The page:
I cannot stress this enough, but every device connected to the internet should have active antimalware software running on it at all times. If you have a phone without antimalware, you should perform a complete factory reset of the phone (including erasing and reformatting any attached storage cards), install active antimalware software, and then change all of your passwords. Never enter a password on an unsecure device.

I use and recommend Netgear Armor Bitdefender Mobile Security for Android. The Netgear Armor version is only available bundled with a Netgear Armor router, but it's a good investment if you value information security and want to protect your home network. Otherwise, you can get Bitdefender Mobile Security bundled with Bitdefender Total Security, or just get the mobile app by itself. Bitdefender consistently gets the highest rankings for multi-device antimalware protection if you are using both Google Android and Microsoft Windows devices. [25]

choosing a mobile operating system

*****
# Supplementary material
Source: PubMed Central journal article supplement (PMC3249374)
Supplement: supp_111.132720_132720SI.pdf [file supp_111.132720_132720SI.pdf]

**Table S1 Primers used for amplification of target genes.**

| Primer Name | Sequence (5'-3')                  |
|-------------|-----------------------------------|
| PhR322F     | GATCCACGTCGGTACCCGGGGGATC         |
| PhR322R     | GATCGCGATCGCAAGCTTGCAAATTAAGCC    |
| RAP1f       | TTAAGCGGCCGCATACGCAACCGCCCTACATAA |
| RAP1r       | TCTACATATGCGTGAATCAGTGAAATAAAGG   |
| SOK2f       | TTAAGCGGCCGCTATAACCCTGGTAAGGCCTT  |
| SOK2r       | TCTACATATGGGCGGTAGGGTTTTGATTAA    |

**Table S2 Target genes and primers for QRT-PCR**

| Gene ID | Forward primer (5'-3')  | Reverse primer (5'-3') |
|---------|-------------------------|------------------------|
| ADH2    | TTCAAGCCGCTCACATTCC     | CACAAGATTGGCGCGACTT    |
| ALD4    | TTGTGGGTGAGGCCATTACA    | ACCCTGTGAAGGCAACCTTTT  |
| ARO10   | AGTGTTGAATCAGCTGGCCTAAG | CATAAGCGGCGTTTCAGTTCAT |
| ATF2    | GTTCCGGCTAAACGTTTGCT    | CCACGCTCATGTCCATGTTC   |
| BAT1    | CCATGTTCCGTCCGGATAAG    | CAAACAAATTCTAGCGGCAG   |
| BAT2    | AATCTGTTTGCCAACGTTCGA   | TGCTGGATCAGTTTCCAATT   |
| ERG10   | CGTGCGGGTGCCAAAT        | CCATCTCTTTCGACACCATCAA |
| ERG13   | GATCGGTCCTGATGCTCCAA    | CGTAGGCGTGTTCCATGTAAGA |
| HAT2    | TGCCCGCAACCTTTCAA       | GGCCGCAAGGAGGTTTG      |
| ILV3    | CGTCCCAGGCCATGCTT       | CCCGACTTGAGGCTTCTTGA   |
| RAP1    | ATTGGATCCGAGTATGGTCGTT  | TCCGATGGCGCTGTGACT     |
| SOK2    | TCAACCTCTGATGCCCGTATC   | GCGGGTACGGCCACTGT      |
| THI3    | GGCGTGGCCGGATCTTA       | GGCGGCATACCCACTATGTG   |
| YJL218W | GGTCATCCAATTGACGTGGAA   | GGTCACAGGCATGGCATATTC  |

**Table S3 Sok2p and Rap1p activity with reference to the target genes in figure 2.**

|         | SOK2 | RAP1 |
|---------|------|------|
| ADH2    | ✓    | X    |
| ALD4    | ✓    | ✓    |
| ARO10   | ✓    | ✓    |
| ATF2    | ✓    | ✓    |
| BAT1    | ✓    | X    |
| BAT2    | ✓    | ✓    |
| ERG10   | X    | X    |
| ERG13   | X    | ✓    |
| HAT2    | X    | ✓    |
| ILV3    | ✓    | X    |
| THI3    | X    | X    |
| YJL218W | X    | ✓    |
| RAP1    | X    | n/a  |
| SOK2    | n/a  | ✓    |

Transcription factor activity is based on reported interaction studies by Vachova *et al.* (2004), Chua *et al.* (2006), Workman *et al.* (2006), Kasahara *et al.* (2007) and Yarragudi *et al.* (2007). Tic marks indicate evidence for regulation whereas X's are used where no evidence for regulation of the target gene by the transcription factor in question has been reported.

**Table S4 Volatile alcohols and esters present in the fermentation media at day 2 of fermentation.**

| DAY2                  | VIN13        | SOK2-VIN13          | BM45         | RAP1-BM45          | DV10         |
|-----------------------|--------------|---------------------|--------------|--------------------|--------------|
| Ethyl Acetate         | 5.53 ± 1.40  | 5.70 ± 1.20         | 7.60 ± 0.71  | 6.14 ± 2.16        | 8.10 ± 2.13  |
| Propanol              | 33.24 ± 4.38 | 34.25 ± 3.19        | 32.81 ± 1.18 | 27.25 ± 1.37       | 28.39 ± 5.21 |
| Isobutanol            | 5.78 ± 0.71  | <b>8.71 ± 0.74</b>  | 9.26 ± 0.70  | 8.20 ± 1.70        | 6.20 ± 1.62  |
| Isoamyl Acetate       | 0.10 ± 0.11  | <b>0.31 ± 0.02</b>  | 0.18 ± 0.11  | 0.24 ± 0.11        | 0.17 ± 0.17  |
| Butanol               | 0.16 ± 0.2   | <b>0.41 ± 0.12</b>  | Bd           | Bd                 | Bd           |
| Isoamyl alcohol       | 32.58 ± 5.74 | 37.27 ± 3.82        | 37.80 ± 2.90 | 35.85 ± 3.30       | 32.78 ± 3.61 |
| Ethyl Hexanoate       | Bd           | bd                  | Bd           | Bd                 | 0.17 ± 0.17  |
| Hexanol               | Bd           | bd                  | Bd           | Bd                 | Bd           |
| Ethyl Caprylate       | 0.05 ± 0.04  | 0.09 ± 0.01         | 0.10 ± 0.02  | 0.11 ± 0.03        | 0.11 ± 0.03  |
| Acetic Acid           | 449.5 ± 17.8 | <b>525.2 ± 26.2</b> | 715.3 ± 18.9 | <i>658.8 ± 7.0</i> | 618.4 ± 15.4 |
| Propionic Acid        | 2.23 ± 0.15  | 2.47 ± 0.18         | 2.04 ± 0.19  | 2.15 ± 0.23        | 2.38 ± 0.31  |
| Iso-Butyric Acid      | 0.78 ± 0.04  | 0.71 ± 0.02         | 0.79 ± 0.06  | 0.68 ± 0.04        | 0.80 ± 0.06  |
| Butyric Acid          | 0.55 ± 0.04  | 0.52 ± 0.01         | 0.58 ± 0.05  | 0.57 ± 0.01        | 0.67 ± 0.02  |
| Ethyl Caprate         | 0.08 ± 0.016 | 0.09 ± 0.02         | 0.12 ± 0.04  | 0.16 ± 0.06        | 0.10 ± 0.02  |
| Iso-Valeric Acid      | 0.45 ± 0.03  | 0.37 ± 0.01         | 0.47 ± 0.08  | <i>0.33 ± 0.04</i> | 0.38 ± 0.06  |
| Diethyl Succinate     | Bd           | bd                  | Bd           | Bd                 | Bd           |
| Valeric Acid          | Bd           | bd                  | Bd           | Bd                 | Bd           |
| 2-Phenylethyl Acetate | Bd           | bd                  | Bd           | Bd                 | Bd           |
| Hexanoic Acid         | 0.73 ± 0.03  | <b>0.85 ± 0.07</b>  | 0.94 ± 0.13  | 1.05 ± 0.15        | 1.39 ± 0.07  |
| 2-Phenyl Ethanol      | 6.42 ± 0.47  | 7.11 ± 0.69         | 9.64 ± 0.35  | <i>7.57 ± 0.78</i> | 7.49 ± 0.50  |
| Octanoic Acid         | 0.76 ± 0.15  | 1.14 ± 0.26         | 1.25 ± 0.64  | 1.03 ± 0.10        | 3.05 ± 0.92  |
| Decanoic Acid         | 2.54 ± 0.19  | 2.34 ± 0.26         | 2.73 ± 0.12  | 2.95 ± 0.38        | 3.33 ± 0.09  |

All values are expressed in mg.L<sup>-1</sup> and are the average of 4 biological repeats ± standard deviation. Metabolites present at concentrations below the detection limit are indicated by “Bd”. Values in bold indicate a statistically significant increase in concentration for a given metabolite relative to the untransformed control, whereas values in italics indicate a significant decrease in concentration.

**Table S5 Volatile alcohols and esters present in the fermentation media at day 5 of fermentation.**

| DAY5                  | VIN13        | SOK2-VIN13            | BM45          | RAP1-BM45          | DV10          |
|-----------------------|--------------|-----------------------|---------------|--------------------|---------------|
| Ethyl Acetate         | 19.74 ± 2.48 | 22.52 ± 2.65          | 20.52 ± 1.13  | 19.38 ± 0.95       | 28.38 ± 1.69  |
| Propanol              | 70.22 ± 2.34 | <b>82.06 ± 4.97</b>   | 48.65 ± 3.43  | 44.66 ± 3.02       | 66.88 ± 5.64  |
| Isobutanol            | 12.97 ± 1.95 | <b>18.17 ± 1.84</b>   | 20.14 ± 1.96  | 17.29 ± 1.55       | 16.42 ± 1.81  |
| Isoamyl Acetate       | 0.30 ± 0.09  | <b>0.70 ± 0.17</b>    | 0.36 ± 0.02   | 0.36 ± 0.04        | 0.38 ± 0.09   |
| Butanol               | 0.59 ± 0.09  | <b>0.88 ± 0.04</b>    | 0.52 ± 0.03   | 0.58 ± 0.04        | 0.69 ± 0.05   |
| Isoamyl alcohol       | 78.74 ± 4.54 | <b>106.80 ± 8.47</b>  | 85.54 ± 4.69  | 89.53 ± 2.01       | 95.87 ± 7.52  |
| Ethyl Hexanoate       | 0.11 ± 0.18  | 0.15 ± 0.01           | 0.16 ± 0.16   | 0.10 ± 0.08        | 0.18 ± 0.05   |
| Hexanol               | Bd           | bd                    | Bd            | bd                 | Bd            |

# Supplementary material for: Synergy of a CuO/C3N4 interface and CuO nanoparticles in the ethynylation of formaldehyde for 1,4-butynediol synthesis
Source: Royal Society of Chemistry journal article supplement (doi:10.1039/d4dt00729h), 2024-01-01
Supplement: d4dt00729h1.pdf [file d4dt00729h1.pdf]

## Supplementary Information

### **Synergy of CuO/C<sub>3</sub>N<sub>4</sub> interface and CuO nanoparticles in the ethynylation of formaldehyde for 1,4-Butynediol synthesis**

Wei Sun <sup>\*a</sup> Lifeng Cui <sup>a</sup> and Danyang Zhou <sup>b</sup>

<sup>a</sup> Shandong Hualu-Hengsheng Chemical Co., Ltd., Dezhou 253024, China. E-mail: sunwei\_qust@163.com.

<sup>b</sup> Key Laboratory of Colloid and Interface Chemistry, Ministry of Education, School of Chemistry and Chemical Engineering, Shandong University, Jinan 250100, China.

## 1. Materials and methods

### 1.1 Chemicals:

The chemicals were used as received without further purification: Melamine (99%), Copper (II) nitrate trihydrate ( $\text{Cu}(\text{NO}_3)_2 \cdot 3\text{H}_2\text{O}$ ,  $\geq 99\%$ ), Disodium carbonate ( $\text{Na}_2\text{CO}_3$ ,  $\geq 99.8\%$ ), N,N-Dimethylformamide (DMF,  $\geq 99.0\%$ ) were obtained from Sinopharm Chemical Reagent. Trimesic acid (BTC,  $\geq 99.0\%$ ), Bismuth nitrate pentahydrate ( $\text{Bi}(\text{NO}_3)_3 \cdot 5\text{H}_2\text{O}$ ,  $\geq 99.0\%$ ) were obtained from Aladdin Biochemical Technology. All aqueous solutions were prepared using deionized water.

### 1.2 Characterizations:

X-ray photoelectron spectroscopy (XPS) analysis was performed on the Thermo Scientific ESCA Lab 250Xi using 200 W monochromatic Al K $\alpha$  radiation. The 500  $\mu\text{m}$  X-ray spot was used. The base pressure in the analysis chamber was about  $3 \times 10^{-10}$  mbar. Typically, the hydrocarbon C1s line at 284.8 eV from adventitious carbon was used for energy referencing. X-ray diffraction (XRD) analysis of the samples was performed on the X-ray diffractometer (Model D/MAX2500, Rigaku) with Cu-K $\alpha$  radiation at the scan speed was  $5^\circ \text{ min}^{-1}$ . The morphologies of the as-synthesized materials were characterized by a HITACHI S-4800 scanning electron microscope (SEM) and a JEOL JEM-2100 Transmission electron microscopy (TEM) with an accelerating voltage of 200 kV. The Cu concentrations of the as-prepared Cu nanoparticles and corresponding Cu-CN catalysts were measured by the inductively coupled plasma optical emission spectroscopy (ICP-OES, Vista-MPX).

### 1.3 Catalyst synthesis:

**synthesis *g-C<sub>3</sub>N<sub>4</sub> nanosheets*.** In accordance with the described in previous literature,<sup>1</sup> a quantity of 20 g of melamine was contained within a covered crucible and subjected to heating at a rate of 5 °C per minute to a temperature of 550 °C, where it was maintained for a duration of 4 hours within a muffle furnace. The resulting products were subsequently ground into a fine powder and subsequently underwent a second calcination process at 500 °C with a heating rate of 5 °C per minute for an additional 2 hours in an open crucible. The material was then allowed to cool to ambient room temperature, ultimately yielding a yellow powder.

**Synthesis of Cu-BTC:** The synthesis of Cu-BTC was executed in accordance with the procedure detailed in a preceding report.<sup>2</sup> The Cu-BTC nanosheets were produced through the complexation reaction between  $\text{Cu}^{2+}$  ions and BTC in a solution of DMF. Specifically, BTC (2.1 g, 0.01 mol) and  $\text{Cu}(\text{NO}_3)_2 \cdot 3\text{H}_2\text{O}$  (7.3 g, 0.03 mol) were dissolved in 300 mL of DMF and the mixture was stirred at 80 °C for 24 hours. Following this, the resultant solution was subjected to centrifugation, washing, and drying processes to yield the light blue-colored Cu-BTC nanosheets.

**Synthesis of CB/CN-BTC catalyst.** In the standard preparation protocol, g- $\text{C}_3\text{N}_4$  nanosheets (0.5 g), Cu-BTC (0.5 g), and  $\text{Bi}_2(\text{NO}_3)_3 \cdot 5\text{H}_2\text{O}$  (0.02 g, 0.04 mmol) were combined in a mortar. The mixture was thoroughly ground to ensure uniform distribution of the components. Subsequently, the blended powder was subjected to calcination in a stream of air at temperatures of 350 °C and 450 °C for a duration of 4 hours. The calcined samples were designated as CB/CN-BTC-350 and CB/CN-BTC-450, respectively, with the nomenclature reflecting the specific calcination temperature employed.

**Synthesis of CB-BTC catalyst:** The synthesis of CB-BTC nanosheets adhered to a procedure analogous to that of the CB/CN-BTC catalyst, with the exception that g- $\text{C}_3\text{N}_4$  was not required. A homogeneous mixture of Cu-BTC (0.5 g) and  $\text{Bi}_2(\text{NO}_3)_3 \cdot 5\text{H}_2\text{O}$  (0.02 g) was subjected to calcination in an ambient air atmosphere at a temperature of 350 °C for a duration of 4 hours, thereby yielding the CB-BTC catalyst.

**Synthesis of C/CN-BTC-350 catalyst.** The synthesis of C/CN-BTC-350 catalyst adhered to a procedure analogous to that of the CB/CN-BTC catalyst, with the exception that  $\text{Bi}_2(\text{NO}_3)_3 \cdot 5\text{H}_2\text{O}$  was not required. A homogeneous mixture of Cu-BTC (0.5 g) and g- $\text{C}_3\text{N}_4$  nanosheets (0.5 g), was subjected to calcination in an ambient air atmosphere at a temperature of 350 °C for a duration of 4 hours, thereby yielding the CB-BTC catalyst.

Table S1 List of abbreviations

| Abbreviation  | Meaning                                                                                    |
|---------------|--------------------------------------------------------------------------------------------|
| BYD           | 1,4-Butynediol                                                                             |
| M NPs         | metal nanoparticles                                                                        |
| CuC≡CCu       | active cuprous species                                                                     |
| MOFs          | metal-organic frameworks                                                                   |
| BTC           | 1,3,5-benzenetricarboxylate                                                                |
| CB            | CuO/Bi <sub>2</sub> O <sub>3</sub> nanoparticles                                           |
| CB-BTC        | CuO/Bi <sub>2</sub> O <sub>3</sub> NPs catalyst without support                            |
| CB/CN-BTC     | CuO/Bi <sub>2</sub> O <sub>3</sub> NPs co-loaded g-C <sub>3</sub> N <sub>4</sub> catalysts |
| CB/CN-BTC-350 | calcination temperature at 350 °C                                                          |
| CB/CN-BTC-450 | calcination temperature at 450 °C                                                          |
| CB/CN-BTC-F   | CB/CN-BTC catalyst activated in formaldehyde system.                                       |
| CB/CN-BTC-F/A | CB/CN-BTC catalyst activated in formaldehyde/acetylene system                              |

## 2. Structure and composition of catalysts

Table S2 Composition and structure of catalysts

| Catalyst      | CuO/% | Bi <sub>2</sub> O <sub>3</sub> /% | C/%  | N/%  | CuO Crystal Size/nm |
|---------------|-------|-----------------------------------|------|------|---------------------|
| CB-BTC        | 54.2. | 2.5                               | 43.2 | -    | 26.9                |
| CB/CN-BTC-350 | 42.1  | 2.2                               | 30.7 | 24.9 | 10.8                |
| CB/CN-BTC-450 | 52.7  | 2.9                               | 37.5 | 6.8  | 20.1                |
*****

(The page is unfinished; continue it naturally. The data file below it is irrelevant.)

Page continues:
From a security perspective, you pretty much have only two choices for a mobile operating system: either Apple iPhone OS (iOS) or Google Android Linux OS. These are the only two mobile operating systems supported by Bitdefender Mobile Security, which I highly recommend that you get (preferably bundled with Netgear Armor). Most other mobile antimalware developers will typically only support either Apple iOS or Google Android. Regarding whether Apple iOS or Google Android is better overall for security, Apple iOS devices technically do provide better security than Google Android or Android One devices do. However, Apple iPhone OS is a terrible environment to use if you want any decent smartphone features, especially for items such as storage capacity and music playback (you cannot natively use storage cards or headphones with Apple iPhones). If you actually want to use your smartphone for anything other than making phonecalls (and eventually you're gonna wanna), then you should get a Google Android device instead.